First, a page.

• Pellicle;
  • oral hygiene;
  • tooth brushing;
  • toothpaste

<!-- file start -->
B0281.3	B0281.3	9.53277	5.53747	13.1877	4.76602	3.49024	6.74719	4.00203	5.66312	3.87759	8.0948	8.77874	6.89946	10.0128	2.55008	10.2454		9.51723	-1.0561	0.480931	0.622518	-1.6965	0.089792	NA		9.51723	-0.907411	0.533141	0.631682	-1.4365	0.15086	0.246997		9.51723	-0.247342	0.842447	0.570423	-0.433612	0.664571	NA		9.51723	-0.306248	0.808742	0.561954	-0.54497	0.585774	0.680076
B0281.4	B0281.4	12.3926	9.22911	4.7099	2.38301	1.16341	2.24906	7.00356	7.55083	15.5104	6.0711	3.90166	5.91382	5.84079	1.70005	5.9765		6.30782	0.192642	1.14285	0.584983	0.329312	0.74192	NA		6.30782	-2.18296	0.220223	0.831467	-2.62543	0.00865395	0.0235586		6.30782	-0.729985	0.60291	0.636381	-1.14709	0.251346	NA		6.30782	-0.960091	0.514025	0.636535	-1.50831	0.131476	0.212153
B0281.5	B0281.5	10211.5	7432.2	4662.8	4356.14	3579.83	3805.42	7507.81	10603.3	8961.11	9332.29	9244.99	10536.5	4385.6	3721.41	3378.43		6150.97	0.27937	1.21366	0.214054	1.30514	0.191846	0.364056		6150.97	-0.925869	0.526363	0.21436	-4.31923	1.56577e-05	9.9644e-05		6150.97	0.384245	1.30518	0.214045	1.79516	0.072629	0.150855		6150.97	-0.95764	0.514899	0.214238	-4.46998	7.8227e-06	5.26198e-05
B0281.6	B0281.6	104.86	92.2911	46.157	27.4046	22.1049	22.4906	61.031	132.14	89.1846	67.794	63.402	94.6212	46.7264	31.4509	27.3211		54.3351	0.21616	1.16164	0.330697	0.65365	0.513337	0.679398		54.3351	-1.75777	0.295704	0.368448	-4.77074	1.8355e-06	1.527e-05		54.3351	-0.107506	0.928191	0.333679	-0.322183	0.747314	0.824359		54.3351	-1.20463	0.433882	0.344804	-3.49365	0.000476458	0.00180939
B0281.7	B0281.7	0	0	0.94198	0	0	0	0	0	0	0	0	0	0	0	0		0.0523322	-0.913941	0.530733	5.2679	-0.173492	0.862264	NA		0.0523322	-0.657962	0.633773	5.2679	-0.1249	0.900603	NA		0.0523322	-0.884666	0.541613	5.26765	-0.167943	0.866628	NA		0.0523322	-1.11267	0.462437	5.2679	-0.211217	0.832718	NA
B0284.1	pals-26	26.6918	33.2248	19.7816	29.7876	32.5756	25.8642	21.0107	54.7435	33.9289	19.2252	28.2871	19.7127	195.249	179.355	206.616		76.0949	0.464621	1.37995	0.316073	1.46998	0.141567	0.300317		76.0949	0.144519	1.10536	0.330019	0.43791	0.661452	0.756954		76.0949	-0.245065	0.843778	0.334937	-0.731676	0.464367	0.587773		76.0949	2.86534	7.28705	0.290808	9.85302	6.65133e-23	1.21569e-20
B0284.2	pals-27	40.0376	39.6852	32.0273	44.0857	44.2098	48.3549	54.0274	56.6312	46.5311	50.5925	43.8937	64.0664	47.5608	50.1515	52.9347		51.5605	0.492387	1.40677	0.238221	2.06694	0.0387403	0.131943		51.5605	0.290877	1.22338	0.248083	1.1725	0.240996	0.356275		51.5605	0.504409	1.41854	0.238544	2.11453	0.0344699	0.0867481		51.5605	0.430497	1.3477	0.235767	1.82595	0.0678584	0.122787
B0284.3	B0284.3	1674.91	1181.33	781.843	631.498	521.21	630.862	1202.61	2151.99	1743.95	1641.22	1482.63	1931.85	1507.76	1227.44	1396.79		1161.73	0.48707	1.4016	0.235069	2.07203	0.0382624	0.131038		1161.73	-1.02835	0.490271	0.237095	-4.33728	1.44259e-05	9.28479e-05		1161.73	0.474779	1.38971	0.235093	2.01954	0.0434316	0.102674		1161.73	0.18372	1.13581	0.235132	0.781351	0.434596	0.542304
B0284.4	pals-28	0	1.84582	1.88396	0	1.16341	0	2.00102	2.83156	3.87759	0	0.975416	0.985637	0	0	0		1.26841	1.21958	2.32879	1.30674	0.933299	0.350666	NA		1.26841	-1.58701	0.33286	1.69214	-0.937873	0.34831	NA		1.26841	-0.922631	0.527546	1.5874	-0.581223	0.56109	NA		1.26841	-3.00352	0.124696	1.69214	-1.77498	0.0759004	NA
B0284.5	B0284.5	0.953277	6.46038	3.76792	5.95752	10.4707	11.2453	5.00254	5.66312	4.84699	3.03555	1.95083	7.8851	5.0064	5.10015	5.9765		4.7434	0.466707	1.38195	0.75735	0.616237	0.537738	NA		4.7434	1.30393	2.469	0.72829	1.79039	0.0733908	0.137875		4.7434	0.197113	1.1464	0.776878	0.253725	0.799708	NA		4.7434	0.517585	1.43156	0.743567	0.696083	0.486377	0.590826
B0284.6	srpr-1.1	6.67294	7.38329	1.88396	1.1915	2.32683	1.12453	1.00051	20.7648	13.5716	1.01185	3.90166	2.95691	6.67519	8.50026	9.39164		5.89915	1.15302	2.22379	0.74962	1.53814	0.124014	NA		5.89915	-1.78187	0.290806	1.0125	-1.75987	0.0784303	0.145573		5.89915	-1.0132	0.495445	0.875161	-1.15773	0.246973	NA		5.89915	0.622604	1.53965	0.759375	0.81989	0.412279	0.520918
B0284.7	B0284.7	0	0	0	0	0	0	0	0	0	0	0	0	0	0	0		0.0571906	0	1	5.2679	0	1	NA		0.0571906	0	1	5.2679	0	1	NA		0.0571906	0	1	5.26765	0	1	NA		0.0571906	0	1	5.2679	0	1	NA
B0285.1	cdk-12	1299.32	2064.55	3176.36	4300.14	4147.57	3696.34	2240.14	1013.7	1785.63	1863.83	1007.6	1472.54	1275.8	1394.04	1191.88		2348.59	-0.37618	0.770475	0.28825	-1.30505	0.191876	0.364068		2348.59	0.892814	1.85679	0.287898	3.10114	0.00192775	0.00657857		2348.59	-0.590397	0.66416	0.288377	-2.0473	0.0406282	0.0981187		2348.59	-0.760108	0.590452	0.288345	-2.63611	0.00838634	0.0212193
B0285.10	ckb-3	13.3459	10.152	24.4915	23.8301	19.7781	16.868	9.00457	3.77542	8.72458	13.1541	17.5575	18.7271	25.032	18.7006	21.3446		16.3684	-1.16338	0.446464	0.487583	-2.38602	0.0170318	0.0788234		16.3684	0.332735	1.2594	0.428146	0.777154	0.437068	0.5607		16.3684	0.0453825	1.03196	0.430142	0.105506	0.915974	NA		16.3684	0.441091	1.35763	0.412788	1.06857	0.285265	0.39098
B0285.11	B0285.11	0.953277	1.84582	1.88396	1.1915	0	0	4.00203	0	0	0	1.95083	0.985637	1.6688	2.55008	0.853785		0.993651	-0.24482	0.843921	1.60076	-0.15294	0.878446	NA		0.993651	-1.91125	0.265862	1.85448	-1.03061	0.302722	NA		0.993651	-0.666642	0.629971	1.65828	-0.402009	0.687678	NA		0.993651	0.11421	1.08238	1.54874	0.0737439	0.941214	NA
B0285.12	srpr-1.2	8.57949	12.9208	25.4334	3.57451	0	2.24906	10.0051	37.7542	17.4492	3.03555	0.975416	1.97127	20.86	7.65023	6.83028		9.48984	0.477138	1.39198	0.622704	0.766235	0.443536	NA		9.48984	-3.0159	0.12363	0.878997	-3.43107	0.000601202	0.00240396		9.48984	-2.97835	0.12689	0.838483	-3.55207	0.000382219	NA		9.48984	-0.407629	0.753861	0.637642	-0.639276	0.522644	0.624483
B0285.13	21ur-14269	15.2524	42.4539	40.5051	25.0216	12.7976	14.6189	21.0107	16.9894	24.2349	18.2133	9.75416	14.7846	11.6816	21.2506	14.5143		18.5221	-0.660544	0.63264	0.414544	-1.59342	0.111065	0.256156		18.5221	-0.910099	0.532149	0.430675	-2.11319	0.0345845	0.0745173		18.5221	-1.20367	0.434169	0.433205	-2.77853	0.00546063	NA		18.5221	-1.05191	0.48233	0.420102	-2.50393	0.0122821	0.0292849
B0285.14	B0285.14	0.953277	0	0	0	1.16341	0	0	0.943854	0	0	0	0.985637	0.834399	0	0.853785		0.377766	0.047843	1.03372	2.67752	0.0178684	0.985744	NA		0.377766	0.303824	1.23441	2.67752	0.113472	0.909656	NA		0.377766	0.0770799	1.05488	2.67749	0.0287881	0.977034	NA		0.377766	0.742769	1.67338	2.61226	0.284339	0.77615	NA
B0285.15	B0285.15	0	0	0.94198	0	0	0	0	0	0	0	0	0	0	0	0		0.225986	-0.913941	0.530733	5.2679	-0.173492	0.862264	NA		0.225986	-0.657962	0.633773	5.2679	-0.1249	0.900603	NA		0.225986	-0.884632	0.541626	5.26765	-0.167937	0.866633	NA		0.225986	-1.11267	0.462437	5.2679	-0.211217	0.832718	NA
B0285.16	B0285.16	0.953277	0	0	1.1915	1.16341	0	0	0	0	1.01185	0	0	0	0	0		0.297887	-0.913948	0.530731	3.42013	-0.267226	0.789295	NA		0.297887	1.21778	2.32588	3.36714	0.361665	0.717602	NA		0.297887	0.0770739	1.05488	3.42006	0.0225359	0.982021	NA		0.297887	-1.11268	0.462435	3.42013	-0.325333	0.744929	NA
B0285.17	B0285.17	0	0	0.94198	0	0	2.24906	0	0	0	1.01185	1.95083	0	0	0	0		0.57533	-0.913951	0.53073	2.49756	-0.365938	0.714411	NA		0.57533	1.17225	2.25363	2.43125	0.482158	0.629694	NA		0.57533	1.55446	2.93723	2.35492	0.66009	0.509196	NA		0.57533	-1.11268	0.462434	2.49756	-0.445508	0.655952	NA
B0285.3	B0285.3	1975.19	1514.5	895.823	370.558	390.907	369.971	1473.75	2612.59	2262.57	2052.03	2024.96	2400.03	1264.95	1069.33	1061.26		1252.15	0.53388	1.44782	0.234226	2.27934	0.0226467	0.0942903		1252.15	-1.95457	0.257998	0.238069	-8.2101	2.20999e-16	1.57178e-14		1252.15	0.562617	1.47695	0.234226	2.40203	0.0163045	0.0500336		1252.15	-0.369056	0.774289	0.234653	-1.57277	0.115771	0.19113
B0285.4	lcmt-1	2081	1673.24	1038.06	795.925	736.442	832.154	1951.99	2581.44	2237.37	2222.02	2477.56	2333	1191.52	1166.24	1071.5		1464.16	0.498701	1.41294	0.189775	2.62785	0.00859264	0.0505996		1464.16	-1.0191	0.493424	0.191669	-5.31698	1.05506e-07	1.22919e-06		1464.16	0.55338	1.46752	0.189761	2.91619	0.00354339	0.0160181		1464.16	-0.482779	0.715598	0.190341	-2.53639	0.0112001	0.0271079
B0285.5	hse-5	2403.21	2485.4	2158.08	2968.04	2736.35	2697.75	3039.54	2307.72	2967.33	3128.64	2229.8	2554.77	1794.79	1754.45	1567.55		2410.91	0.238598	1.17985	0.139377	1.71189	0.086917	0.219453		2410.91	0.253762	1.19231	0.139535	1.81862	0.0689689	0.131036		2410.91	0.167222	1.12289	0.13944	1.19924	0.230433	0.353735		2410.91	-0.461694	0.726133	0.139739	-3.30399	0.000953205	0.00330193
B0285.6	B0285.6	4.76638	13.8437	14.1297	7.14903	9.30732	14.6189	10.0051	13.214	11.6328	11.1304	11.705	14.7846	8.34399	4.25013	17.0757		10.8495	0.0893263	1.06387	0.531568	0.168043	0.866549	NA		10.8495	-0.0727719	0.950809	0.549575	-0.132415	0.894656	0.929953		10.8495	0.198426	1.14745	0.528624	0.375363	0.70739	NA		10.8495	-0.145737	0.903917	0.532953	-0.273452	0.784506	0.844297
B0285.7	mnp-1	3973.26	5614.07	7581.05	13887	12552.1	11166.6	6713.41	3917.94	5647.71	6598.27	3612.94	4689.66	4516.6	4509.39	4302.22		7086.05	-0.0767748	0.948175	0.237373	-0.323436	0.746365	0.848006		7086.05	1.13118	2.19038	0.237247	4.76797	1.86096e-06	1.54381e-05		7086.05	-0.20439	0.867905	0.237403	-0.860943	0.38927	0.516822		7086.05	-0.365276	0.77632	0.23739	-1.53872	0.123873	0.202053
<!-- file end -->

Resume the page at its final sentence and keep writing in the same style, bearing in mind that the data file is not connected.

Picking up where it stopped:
All solid substrata exposed to the oral environment are rapidly covered by a layer of adsorbed salivary proteins, the acquired pellicle. The physiological role of the pellicle is lubrication and protection of the underlying surface. This review focuses on the protective properties of the salivary pellicle. Several in vitro as well as in vivo investigations indicate that the adsorbed protein layer on the one hand has the potential to reduce the extent of enamel demineralisation upon acid challenge. On the other hand pellicle could be dissolved and removed from the enamel surface due to the acid exposure. However, pellicle reformation starts rapidly. Conflicting data have been published concerning the importance of pellicle formation time (‘maturation’) with regard to its protective function. Recently published studies indicate that pellicle formation time is probably of less importance for the pellicle's protective properties under in vivo conditions than supposed from the in vitro experiments. Since pellicle formation is useful for the protection of the enamel surface, it should be also considered in daily oral hygiene. Tooth brushing with and without toothpaste causes reduction of the pellicle's thickness. However, the pellicle layer is not completely removed from the enamel surface after brushing procedures. Therefore the presence of a pellicle will be an important modifying factor when considering tooth wear models. In situ tooth wear models offer the opportunity to measure toothpaste abrasion effects in the presence of a pellicle film.